Too Much NEPA? An Offshore Wind Dilemma

The Bureau of Ocean Energy Management’s 352 page Environmental Assessment of plans to lease space off the New York coast was just released for comment. Better hurry with your comments: it’s going to be a long wait.

Just out this week was BOEM’s encyclopedic environmental assessment (EA) of its planned area for exploring the leasing space off the coast of New York for the development of utility-scale windfarms.  This isn’t an EA examining actual build/operate plans.  It isn’t even an EA examining rules or policies about eventual build/operate plans.  It’s an EA examining the environmental consequences of inviting proposals to that end within a delimited area—which entails allowing potential suitors to go out trial-and-error style throughout the area so they can decide whether they’ll have a go at building a utility-scale windfarm just a few dozen nautical miles from the continent’s largest electricity market.

Given our climate situation, you might think this is a no-brainer.  NYC can always use more electricity.  {See our story on the Champlain-Hudson Power Express project here.} Putting the windfarm offshore minimizes the potential land use conflicts sure to disqualify most sites in the metro area.  And the potential conflicts that have been identified seem relatively solvable by comparison: navigation, commercial fisheries and visual impacts.  (Hence the already quite delimited area shaded in green on the map.}BOEMs NY Call Area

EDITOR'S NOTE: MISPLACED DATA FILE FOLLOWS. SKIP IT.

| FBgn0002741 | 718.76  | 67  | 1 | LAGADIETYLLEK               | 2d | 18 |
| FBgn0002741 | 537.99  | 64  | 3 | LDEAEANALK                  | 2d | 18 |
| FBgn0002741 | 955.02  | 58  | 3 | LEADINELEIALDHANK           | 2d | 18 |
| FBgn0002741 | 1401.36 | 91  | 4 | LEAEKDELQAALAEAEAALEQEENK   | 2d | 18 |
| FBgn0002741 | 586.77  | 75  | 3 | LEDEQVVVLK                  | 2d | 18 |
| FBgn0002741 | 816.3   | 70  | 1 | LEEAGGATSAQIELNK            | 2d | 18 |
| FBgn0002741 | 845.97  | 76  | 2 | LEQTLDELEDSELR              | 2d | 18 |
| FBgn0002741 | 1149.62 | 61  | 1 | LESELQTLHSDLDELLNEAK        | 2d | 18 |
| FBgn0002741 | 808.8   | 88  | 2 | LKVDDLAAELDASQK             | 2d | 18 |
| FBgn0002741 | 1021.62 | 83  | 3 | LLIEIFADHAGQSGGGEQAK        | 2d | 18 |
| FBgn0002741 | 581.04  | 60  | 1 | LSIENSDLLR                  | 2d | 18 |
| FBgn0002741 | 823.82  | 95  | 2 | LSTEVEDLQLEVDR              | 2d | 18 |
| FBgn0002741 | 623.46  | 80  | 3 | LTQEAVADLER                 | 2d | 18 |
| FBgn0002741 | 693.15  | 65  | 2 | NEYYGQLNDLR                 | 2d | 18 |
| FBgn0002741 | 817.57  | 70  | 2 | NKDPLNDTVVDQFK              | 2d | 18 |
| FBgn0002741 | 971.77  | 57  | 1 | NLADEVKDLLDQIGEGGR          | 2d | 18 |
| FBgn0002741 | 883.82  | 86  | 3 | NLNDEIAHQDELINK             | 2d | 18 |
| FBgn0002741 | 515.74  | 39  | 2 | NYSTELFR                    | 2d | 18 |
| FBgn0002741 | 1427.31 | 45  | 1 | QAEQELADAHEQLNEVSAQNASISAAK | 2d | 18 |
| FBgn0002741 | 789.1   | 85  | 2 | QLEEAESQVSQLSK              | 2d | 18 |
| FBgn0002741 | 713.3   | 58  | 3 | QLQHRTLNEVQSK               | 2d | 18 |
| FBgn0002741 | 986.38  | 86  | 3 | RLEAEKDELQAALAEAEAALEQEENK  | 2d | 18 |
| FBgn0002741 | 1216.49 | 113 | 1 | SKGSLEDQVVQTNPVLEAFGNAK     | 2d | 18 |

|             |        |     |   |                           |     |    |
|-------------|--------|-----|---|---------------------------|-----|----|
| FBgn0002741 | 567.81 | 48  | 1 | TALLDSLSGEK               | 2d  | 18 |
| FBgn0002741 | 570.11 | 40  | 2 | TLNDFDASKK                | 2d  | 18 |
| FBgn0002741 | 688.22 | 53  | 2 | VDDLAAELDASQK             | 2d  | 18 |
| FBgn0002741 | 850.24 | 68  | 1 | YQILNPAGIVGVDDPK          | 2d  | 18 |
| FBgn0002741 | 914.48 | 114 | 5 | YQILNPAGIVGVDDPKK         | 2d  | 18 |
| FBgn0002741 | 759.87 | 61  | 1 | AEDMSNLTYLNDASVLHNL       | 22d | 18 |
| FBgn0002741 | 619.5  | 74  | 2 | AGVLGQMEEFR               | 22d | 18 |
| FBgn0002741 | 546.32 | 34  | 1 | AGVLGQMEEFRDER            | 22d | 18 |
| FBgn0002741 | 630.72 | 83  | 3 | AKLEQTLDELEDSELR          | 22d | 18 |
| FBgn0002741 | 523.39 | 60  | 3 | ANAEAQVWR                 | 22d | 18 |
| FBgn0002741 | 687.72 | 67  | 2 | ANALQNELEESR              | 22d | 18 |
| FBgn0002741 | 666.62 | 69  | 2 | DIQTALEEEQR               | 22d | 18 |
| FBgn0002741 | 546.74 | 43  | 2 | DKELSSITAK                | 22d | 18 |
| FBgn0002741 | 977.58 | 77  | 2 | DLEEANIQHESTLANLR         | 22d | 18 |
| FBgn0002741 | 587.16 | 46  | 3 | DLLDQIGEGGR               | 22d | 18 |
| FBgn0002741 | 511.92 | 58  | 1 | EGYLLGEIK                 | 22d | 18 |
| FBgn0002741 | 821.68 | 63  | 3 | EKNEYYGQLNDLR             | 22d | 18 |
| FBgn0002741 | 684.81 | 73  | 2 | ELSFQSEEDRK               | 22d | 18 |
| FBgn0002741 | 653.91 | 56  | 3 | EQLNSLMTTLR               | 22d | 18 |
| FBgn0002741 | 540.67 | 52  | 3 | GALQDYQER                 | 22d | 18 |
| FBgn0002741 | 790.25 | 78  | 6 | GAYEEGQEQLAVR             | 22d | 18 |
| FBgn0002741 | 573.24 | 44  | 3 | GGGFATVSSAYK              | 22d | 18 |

BOEM’s preparation of this overstuffed EA speaks (literal) volumes to the state of offshore wind in the U.S., though.  This post explains that dilemma and how NEPA is factoring into it.

For Process Over Substance in NEPA, Look No Further than OCSLA

We’ve noted the challenges of assessing environmental impacts from offshore energy development under the Outer Continental Shelf Lands Act (OCSLA) before.

To be fair, the statute makes big allowances for NEPA impact assessments and their integration into the agency decision-making processes it requires.  Leasing space offshore for development—whether for fossil fuels or wind—entails multiple layers of impact assessment because, well, there are real opportunities for offshore energy projects to create serious environmental impacts.  Multiple, redundant environmental reviews can seem utterly logical.  But when one considers how unfocused and ultimately deleterious the Department of Interior’s NEPA analyses of deep water oil production in the Gulf of Mexico became leading up to the Deepwater Horizon disaster, this approach takes on an edge.  {See our post here.}

The biggest risks have the worst tendency to slip through unnoticed when NEPA analysts think they’re somebody else’s problem.  Add to that the downside risk that delaying carbon-neutral electricity generating capacity represents and this gets tricky very quickly.

To be clear, the “clean” energy possibilities offshore are still open to debate.  Whether current technology can generate grid competitive electricity and where is a hard question.  Mitigating wildlife kills from turbine installation and operation can present hard questions.  And even offshore, wind energy is intermittent, raising hard questions about what to do for a back-up.  All of which leads to the mother of all sue-to-delay-till-its-oblivion tales, Cape Wind.

Cape Wind: America’s First Offshore Windfarm Project that Never Was